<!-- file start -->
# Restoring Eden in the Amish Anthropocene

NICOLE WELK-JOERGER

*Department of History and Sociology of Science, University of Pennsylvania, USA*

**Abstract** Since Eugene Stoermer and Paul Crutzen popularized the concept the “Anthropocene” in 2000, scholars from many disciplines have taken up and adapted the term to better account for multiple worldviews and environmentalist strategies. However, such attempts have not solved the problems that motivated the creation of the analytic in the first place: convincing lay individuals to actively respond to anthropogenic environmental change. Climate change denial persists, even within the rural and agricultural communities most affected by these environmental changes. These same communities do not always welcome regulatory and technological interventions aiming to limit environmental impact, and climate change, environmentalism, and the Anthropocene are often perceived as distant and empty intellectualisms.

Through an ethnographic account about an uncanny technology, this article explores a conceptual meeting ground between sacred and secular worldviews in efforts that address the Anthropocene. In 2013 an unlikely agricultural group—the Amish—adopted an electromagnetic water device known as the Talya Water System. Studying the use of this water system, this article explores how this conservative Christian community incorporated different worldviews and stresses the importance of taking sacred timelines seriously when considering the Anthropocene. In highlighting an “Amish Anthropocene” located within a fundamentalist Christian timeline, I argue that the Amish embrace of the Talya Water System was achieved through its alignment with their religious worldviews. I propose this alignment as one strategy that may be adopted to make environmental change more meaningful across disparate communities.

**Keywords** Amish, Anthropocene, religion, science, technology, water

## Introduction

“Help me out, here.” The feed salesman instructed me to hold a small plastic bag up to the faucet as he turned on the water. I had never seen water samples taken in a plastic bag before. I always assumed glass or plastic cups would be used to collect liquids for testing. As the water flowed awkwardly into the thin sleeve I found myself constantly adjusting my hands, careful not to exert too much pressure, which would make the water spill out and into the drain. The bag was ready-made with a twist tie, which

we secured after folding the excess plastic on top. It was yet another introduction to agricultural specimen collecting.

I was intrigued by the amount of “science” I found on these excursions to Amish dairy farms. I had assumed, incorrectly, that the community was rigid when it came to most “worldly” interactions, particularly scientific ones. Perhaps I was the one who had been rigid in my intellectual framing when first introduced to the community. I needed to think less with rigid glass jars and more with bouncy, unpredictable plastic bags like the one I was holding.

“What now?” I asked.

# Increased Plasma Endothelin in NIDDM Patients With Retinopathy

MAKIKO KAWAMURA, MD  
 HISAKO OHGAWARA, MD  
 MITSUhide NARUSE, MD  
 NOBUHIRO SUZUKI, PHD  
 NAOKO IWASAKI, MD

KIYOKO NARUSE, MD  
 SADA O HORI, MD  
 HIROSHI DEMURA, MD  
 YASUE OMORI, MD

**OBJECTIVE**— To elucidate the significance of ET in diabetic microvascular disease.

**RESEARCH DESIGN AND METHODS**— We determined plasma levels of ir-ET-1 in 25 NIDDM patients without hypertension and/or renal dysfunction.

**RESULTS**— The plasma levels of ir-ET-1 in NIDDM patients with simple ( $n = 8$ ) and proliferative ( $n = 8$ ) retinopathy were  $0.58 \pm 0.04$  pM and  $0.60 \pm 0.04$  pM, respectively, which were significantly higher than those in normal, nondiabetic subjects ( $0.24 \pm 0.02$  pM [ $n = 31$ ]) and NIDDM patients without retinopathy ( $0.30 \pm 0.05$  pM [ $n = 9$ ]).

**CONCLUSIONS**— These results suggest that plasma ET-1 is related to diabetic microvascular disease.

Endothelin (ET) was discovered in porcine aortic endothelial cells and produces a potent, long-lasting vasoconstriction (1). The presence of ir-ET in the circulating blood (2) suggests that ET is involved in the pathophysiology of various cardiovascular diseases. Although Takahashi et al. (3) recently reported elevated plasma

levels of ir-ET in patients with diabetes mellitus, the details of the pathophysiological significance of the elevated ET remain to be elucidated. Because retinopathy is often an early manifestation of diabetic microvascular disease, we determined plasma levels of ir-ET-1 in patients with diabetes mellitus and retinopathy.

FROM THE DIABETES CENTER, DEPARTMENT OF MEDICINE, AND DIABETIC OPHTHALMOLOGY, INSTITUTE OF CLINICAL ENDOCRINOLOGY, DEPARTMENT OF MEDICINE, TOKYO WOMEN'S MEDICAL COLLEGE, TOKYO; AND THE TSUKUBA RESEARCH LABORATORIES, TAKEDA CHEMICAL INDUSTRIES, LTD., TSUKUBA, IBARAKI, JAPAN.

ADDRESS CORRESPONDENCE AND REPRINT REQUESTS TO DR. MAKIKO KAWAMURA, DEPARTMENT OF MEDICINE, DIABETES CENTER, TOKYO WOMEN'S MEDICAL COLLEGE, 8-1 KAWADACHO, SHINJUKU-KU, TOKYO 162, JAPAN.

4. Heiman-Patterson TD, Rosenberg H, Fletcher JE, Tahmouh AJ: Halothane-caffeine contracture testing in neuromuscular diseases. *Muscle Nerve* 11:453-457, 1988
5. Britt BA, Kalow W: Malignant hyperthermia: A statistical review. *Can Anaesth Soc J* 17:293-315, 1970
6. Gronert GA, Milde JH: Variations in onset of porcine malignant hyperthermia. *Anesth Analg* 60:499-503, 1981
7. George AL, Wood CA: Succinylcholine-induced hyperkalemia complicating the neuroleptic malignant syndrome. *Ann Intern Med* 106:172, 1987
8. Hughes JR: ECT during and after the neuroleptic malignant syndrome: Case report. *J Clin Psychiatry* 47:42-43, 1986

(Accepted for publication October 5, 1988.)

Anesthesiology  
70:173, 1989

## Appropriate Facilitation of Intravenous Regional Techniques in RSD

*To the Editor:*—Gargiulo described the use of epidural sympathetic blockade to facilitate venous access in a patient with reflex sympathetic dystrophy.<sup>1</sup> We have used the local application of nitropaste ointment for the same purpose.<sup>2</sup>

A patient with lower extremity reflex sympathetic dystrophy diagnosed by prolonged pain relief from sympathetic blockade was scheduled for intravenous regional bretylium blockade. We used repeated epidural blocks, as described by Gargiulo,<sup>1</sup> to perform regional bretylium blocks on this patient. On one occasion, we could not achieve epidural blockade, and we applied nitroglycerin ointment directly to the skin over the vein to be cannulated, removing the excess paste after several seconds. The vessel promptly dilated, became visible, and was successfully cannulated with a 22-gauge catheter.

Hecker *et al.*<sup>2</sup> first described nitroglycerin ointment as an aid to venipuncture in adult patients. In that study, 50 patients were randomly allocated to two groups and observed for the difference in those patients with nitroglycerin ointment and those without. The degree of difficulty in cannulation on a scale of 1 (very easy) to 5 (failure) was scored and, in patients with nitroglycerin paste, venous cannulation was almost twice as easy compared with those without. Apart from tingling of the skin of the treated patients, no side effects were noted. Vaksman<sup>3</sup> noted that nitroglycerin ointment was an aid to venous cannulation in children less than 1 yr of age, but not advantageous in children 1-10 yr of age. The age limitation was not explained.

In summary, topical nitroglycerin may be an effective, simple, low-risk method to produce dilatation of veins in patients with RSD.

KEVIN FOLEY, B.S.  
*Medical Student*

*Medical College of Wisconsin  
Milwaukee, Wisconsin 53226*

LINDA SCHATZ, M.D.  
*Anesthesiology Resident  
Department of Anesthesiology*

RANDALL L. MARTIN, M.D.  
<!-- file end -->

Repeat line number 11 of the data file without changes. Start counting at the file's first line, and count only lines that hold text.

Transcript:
“What now?” I asked.